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Criteria for selecting lights

From: Up and Running with Studio Strobes

Video: Criteria for selecting lights

I think one of the hardest things folks struggle A good solid light is a lot better to have.

Criteria for selecting lights

I think one of the hardest things folks struggle with when they get ready to get into strobe lighting, and even as they move through their career of working with them, is what lights do I buy? You know, not just the quantity and everything else, but the actual criteria. And let's start by diffusing a few myths. For example, the one that I think that is really out there, and the hardest one is like, in front me here I have a budget light, and, and you have the Lexus model there. >> I have a ridiculously expensive light, which means that anytime I buy any parts for it. >> Yeah.

>> They're expensive. >> So why do some light costs more than others? >> Well, there's a lot of factors involved with why one light maybe less expensive than another one. quality of the built. If you are like me and you're and your constantly are knocking your lights over. A good solid light is a lot better to have. >> Yeah. There, there's this whole spectrum, you know? When you go out and you look at what are some of the brands that the pros are using. Don't necessarily feel like you have to buy the Mercedes if it's your first time driving a car.

>> Oh, absolutely as a matter of fact. It's sometimes better to learn on a less expensive set of lights. And then move up. You can either sell the kit or sell the lights and move to something because you have need for some of the parameters that this light has that that light might not. It also goes back to the old idea of a camera. People will come up to you on the street and they'll say great picture. What camera did you use? Which is really frustrating because it's like going to somebody's house and eating a meal and asking them what oven do they have? >> Right.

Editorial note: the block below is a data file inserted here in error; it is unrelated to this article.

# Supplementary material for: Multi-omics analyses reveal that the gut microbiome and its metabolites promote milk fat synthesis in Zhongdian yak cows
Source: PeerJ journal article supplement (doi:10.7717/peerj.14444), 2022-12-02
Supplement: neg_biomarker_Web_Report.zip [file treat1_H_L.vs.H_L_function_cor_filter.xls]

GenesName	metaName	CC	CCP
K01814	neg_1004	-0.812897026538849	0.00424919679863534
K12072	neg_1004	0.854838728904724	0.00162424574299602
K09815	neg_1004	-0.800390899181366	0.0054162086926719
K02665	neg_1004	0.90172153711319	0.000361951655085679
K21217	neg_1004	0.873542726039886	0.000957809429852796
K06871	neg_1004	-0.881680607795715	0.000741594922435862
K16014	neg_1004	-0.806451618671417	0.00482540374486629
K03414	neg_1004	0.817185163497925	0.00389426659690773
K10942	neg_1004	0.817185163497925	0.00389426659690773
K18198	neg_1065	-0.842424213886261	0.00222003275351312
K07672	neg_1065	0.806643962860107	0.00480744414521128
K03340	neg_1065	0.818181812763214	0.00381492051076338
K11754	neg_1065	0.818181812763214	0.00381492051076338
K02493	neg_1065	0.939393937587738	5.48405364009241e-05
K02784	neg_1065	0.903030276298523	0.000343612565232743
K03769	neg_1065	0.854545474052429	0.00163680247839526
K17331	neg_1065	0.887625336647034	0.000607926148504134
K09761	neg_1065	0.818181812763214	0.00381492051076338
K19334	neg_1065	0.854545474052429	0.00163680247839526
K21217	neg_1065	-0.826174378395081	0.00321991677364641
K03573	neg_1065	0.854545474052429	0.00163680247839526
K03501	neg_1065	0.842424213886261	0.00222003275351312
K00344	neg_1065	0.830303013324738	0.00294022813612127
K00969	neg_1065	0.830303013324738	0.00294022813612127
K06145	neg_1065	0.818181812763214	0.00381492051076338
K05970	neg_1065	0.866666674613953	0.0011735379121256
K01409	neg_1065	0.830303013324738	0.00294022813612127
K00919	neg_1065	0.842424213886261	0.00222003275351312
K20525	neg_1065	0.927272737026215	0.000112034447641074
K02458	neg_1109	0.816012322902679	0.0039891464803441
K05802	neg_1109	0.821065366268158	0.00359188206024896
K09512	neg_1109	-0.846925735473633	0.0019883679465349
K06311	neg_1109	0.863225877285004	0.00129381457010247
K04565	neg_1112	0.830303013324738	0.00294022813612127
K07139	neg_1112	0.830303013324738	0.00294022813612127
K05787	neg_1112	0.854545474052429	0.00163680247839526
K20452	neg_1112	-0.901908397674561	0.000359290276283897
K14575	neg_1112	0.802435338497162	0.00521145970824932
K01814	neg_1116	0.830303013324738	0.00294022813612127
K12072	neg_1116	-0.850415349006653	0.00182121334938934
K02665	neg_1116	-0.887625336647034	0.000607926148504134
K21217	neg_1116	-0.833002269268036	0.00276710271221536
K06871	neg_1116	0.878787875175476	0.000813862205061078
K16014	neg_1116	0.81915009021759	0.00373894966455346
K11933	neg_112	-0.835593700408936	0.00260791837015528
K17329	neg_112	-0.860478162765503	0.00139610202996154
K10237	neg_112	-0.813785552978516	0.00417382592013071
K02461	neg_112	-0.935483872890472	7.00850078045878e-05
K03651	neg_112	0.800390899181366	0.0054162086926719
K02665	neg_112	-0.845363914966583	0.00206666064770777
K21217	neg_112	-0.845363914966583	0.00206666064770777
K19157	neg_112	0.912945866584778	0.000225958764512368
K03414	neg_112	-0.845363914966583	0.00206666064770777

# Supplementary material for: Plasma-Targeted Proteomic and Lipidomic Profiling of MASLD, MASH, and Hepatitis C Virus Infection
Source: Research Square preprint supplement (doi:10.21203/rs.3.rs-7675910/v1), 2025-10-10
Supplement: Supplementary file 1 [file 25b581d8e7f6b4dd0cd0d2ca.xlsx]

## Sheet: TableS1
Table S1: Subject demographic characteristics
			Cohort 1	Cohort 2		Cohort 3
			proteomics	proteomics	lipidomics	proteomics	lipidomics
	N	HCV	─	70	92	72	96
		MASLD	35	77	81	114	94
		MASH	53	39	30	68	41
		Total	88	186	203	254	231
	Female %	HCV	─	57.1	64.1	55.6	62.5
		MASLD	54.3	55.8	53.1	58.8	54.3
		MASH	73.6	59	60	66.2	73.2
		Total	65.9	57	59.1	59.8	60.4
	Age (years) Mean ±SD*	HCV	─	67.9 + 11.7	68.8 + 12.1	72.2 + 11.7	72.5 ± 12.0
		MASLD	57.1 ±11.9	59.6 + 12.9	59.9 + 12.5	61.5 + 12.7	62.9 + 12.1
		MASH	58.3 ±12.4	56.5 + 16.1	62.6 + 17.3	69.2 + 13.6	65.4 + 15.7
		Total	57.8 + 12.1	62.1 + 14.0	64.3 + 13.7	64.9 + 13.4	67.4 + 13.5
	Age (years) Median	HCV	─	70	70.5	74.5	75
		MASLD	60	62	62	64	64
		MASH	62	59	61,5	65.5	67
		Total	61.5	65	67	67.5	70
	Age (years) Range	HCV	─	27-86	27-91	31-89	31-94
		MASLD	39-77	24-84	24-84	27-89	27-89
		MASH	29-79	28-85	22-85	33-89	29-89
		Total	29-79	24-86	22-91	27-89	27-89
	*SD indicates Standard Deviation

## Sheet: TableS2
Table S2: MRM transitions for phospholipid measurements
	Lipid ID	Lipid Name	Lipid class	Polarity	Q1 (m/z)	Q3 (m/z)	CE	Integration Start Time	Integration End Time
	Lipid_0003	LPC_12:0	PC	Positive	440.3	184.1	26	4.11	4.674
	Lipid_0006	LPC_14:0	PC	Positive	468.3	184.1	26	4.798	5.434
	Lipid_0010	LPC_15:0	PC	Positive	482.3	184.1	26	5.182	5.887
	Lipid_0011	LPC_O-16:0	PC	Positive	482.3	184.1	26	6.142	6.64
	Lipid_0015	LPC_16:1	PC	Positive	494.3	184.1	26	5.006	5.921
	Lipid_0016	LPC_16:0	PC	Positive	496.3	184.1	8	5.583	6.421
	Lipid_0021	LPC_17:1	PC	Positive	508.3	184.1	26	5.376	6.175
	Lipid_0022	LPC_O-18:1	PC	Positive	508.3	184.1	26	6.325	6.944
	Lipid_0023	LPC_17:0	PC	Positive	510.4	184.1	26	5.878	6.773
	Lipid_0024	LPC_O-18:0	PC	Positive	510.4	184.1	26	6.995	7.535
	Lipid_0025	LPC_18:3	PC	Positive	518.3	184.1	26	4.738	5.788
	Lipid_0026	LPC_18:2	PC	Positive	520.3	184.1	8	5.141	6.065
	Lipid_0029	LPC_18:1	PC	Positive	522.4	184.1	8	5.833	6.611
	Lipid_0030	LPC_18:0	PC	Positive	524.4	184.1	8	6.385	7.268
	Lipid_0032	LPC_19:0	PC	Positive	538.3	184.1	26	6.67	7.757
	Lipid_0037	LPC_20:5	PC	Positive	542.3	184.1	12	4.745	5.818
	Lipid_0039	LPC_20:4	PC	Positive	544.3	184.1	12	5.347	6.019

>> And you know, it's the same thing with light. If you know how to work with lights, it doesn't matter if they're reasonably priced or ridiculously priced. It's really down to you getting to know your tool. >> I will say though, that there are times when the brand matters and this really deals with who's your clientèle. If you are shooting for your own enjoyment, or you are shooting in a corporate environment, or weddings, or events, most people aren't going to even care what gear you use. They're just gonng judge you by the photos.

On the other hand, if you are shooting advertising, and you have art directors coming into your studio. They're going to know the brands that the last photographer they hired used, and they're going to know which ones matter, and they may even make weird requests and want to compare what gear they own to what gear you own. This isn't saying it's right, it's just the reality, so you have to decide what is sort of the league that you want to play in when you're choosing a brand. Now, brands aside, the brand will have a ripple effect to all of the other things, right, because it's not just the light.